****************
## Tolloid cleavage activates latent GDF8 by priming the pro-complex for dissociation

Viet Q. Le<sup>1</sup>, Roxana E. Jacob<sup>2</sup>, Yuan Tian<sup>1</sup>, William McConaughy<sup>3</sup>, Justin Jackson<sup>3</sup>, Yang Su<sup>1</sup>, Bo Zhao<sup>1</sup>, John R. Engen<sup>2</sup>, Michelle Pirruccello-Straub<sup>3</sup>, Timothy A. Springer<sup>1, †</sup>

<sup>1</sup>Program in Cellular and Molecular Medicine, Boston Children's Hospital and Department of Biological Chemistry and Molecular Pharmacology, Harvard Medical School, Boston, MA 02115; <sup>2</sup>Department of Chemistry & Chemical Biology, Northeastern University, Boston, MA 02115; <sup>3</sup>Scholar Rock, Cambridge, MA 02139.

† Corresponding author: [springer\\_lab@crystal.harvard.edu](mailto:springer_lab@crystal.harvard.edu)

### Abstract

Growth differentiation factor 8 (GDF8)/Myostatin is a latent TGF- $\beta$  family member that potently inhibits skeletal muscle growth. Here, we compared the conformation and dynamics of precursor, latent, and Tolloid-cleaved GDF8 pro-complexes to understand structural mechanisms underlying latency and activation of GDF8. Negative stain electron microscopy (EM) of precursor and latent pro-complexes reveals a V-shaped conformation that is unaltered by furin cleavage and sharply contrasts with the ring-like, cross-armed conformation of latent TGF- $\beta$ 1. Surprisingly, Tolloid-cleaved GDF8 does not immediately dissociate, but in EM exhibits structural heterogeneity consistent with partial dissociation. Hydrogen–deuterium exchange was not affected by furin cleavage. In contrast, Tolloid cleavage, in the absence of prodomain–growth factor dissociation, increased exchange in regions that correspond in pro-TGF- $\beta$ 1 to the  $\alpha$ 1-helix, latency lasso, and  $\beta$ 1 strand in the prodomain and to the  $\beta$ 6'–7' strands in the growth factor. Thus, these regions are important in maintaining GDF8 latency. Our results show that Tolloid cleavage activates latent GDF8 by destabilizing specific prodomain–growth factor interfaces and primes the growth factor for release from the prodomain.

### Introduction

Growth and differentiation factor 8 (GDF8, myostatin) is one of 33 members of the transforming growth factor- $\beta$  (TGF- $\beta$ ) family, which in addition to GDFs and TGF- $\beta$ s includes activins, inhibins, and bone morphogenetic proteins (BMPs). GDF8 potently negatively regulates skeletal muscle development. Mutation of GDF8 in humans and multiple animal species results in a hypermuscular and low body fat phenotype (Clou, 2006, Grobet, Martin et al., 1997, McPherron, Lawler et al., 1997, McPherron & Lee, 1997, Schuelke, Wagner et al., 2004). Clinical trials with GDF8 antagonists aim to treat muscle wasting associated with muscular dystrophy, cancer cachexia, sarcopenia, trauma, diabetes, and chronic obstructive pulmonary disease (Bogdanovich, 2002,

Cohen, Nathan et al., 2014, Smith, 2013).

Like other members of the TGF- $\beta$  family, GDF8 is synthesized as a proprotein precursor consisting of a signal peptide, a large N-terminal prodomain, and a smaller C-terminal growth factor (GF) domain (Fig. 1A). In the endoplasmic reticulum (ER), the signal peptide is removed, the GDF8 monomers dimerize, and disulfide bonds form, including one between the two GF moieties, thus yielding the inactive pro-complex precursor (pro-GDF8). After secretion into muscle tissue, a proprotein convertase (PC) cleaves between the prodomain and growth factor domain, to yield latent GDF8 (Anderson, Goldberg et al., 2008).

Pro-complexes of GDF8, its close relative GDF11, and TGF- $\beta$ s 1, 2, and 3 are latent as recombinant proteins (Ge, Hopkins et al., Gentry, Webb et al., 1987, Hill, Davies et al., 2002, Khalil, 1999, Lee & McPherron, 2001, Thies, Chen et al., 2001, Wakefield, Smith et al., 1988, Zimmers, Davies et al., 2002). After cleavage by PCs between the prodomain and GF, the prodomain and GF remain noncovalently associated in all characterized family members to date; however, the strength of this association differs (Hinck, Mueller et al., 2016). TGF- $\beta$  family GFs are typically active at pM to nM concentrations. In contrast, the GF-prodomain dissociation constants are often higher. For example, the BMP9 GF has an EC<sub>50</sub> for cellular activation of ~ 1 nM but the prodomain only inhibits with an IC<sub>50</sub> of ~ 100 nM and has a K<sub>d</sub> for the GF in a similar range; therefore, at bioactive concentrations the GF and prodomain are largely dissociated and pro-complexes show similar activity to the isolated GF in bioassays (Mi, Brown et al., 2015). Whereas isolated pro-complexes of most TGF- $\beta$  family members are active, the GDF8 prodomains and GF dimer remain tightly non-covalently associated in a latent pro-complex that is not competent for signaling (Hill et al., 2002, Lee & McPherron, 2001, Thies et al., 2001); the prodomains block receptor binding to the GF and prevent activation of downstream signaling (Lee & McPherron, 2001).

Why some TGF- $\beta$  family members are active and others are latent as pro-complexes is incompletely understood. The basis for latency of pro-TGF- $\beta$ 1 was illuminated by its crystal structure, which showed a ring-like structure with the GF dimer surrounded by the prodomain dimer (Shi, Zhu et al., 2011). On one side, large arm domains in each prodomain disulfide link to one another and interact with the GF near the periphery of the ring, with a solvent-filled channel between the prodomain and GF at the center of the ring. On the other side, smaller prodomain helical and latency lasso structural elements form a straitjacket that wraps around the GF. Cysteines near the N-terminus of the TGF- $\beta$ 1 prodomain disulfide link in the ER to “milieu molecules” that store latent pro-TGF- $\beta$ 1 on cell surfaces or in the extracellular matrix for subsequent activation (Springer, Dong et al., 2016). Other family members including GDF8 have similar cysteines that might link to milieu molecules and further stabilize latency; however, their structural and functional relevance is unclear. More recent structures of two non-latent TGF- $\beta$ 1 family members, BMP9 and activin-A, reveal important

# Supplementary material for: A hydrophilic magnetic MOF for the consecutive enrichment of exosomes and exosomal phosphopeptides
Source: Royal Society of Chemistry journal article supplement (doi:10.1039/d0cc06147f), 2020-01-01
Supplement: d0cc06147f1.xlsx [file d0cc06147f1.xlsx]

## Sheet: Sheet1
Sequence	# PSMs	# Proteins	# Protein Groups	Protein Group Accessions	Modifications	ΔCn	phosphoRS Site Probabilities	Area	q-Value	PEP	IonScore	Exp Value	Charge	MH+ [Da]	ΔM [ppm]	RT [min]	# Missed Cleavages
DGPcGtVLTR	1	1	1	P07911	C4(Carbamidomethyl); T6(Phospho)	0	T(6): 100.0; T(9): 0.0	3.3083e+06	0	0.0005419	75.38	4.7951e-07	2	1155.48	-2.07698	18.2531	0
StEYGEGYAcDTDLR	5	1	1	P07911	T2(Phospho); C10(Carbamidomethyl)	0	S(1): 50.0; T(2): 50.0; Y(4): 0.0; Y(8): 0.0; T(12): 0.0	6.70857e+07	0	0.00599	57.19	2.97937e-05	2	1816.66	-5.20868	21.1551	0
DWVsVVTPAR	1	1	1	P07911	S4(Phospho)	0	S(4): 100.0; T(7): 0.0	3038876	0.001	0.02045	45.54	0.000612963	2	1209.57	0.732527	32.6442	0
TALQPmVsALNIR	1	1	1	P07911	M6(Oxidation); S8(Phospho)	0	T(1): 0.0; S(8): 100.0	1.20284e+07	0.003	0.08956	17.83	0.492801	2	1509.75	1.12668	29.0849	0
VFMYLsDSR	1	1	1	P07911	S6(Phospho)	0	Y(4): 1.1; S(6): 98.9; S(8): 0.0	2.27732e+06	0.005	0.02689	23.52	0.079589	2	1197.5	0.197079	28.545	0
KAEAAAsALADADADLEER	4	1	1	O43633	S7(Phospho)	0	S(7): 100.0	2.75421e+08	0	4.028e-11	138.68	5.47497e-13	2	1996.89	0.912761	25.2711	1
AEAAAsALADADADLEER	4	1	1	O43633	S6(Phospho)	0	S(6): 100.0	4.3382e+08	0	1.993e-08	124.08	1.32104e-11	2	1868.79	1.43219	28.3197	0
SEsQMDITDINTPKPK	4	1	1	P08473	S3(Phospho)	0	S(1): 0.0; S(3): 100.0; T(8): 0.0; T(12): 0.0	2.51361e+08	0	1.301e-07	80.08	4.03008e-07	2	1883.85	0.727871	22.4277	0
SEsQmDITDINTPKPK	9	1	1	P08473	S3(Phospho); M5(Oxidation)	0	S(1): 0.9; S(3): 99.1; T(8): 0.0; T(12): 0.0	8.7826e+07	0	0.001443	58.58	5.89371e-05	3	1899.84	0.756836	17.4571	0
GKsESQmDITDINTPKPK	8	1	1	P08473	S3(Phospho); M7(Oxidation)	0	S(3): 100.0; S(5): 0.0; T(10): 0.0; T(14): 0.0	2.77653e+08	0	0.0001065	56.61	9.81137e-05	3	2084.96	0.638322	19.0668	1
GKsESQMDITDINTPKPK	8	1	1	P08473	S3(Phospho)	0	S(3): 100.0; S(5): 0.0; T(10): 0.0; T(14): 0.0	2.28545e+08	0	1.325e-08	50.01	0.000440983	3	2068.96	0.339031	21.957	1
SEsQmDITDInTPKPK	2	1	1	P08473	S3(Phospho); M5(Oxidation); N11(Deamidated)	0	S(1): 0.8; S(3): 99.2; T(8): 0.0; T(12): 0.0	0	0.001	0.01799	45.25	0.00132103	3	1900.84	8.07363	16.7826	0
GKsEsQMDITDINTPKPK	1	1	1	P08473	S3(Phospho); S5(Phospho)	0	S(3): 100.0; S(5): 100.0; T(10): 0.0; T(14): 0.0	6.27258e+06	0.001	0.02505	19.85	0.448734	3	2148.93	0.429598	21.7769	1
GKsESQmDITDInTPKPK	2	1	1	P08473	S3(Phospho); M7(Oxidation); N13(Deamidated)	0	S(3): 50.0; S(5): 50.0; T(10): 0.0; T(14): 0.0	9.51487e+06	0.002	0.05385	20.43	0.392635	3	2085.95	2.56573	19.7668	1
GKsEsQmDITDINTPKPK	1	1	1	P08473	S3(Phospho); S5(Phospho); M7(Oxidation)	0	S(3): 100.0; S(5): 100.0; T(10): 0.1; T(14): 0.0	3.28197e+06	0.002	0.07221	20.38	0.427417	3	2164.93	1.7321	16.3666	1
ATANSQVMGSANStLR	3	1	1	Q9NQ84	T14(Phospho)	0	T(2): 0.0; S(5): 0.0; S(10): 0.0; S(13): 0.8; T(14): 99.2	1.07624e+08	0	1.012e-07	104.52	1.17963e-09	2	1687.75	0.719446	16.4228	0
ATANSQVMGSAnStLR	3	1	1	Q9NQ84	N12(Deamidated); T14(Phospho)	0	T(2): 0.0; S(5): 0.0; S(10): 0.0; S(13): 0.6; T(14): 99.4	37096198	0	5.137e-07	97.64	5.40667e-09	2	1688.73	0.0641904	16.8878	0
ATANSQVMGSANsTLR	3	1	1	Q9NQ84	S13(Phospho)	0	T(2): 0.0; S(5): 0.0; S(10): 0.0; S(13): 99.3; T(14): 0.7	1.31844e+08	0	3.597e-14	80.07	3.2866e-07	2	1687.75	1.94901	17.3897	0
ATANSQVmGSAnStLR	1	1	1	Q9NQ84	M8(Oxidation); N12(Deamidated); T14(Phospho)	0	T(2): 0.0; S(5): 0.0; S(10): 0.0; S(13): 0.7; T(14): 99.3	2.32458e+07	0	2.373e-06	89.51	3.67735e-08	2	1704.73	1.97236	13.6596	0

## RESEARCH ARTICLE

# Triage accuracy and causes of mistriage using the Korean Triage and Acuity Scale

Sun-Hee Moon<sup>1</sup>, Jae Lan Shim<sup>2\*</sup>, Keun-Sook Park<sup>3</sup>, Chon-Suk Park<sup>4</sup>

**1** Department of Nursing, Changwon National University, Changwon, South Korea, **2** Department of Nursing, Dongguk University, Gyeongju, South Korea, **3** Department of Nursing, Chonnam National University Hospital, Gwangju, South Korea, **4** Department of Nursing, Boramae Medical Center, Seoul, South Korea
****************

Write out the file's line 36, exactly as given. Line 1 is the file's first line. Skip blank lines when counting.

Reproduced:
ATANSQVmGSAnStLR	1	1	1	Q9NQ84	M8(Oxidation); N12(Deamidated); T14(Phospho)	0	T(2): 0.0; S(5): 0.0; S(10): 0.0; S(13): 0.7; T(14): 99.3	2.32458e+07	0	2.373e-06	89.51	3.67735e-08	2	1704.73	1.97236	13.6596	0